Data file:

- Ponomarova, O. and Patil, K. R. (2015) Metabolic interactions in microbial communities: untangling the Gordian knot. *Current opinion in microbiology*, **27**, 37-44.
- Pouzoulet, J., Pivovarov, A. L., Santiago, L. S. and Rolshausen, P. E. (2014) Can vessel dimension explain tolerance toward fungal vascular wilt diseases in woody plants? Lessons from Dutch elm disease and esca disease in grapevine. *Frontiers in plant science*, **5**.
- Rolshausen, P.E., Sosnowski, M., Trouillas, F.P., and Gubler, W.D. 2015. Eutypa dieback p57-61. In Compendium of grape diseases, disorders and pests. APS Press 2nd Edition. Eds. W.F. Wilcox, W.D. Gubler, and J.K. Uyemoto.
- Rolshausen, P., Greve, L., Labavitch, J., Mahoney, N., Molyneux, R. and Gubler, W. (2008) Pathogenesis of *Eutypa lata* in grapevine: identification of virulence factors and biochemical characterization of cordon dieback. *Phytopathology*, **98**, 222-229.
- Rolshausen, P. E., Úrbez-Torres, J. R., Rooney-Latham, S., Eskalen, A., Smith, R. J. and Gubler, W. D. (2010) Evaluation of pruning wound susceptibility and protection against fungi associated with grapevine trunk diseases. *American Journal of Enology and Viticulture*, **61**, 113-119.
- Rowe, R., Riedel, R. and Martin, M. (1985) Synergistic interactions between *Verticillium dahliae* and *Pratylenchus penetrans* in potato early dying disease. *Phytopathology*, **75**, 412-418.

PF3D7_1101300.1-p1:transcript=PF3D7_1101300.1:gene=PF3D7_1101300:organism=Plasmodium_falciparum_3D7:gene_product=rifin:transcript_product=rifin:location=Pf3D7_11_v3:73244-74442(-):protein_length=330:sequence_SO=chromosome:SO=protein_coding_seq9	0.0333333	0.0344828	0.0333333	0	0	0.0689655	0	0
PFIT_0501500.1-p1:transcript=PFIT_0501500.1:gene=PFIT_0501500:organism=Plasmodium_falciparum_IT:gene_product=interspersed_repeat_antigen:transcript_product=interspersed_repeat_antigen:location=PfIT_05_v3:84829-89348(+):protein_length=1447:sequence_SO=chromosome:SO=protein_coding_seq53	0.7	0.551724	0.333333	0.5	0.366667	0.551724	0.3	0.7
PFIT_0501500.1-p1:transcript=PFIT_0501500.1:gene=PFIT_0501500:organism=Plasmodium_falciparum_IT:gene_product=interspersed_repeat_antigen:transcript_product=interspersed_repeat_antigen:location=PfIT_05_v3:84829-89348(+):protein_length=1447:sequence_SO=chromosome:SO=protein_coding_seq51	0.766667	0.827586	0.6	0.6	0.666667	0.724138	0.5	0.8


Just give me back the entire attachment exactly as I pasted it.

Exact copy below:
- Ponomarova, O. and Patil, K. R. (2015) Metabolic interactions in microbial communities: untangling the Gordian knot. *Current opinion in microbiology*, **27**, 37-44.
- Pouzoulet, J., Pivovarov, A. L., Santiago, L. S. and Rolshausen, P. E. (2014) Can vessel dimension explain tolerance toward fungal vascular wilt diseases in woody plants? Lessons from Dutch elm disease and esca disease in grapevine. *Frontiers in plant science*, **5**.
- Rolshausen, P.E., Sosnowski, M., Trouillas, F.P., and Gubler, W.D. 2015. Eutypa dieback p57-61. In Compendium of grape diseases, disorders and pests. APS Press 2nd Edition. Eds. W.F. Wilcox, W.D. Gubler, and J.K. Uyemoto.
- Rolshausen, P., Greve, L., Labavitch, J., Mahoney, N., Molyneux, R. and Gubler, W. (2008) Pathogenesis of *Eutypa lata* in grapevine: identification of virulence factors and biochemical characterization of cordon dieback. *Phytopathology*, **98**, 222-229.
- Rolshausen, P. E., Úrbez-Torres, J. R., Rooney-Latham, S., Eskalen, A., Smith, R. J. and Gubler, W. D. (2010) Evaluation of pruning wound susceptibility and protection against fungi associated with grapevine trunk diseases. *American Journal of Enology and Viticulture*, **61**, 113-119.
- Rowe, R., Riedel, R. and Martin, M. (1985) Synergistic interactions between *Verticillium dahliae* and *Pratylenchus penetrans* in potato early dying disease. *Phytopathology*, **75**, 412-418.

PF3D7_1101300.1-p1:transcript=PF3D7_1101300.1:gene=PF3D7_1101300:organism=Plasmodium_falciparum_3D7:gene_product=rifin:transcript_product=rifin:location=Pf3D7_11_v3:73244-74442(-):protein_length=330:sequence_SO=chromosome:SO=protein_coding_seq9	0.0333333	0.0344828	0.0333333	0	0	0.0689655	0	0
PFIT_0501500.1-p1:transcript=PFIT_0501500.1:gene=PFIT_0501500:organism=Plasmodium_falciparum_IT:gene_product=interspersed_repeat_antigen:transcript_product=interspersed_repeat_antigen:location=PfIT_05_v3:84829-89348(+):protein_length=1447:sequence_SO=chromosome:SO=protein_coding_seq53	0.7	0.551724	0.333333	0.5	0.366667	0.551724	0.3	0.7
PFIT_0501500.1-p1:transcript=PFIT_0501500.1:gene=PFIT_0501500:organism=Plasmodium_falciparum_IT:gene_product=interspersed_repeat_antigen:transcript_product=interspersed_repeat_antigen:location=PfIT_05_v3:84829-89348(+):protein_length=1447:sequence_SO=chromosome:SO=protein_coding_seq51	0.766667	0.827586	0.6	0.6	0.666667	0.724138	0.5	0.8